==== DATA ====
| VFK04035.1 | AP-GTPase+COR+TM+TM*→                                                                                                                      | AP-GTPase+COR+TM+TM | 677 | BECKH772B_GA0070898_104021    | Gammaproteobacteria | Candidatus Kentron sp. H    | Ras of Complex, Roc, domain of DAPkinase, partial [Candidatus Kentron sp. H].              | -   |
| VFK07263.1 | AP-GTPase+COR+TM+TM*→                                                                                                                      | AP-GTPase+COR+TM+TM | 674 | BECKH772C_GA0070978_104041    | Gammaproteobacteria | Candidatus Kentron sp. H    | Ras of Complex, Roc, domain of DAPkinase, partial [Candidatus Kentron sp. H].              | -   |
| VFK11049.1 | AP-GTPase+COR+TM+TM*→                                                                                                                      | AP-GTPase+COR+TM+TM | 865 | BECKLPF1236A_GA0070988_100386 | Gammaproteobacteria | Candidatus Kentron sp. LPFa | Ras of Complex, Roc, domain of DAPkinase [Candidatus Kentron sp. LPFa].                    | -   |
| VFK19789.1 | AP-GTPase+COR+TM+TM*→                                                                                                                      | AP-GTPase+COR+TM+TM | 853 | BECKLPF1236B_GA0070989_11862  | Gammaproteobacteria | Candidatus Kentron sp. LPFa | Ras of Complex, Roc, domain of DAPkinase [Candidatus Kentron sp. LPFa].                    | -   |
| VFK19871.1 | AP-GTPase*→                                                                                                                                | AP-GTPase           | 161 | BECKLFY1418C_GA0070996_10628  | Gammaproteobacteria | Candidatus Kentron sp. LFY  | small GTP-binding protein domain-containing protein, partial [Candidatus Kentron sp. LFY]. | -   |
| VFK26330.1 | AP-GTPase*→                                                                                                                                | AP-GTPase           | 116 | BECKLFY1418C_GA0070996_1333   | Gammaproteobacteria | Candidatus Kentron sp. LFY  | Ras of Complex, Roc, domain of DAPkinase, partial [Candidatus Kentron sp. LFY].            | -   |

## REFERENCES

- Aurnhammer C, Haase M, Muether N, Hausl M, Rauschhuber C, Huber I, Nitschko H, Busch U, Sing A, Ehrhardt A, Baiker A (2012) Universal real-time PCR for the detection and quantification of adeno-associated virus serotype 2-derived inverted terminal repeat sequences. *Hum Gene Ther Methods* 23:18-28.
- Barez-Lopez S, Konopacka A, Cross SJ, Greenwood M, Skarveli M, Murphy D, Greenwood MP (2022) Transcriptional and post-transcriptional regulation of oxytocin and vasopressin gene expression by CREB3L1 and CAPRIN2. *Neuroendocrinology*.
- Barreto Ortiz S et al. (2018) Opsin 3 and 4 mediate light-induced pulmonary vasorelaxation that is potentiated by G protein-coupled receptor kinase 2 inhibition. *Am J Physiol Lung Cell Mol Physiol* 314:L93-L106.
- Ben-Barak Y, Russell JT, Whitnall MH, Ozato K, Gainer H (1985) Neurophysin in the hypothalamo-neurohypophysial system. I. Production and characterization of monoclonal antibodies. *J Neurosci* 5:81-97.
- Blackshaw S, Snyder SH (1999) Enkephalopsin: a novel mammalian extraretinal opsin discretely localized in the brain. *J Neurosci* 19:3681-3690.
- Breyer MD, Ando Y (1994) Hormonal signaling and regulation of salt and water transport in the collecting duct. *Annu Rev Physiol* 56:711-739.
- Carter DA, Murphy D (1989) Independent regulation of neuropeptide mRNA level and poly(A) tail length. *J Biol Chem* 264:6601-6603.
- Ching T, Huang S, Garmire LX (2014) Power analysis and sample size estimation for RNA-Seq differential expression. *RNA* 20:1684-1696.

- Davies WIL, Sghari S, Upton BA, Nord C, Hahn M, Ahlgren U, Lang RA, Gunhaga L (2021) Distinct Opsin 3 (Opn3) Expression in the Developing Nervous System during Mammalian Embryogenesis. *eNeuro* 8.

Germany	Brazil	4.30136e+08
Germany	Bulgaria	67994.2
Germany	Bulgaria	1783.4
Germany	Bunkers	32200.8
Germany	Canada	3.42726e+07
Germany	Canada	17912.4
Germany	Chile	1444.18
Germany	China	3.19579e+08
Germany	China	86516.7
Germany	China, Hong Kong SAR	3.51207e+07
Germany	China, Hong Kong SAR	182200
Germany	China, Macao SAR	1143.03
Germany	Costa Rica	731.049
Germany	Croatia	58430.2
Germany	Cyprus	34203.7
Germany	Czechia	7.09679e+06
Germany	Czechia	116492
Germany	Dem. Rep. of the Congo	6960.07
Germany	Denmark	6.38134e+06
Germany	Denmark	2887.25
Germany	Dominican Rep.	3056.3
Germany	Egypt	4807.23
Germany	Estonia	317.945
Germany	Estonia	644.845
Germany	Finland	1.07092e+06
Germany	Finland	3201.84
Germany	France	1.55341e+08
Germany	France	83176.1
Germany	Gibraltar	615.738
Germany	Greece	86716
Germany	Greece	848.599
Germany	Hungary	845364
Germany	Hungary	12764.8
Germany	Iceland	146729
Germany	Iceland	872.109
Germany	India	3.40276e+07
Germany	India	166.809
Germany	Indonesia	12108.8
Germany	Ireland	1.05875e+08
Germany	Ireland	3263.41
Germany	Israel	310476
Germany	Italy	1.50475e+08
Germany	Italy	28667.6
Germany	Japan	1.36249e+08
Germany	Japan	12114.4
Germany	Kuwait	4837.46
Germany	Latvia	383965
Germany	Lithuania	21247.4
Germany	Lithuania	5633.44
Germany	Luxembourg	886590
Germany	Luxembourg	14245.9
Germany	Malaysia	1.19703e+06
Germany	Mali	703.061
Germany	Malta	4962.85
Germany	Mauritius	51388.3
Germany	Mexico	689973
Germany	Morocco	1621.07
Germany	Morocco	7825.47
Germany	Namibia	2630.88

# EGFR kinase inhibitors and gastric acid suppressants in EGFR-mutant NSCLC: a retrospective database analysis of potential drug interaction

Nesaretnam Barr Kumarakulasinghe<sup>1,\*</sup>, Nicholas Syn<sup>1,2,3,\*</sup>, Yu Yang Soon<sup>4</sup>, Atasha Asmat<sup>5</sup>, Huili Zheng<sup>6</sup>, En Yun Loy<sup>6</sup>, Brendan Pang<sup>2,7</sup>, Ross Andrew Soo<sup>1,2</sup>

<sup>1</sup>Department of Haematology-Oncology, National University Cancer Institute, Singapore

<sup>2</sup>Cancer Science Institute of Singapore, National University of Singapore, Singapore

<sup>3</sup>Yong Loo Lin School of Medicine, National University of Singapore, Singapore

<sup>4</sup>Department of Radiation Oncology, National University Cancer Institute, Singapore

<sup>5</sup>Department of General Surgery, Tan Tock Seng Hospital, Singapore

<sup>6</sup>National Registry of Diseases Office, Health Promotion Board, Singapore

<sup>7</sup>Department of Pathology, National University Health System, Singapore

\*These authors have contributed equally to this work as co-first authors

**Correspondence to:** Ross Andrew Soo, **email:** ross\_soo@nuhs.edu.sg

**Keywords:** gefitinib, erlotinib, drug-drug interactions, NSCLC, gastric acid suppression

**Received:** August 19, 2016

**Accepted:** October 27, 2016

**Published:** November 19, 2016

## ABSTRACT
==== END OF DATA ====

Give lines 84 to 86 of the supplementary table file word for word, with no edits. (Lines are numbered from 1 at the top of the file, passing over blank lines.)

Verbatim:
<sup>7</sup>Department of Pathology, National University Health System, Singapore

\*These authors have contributed equally to this work as co-first authors

**Correspondence to:** Ross Andrew Soo, **email:** ross\_soo@nuhs.edu.sg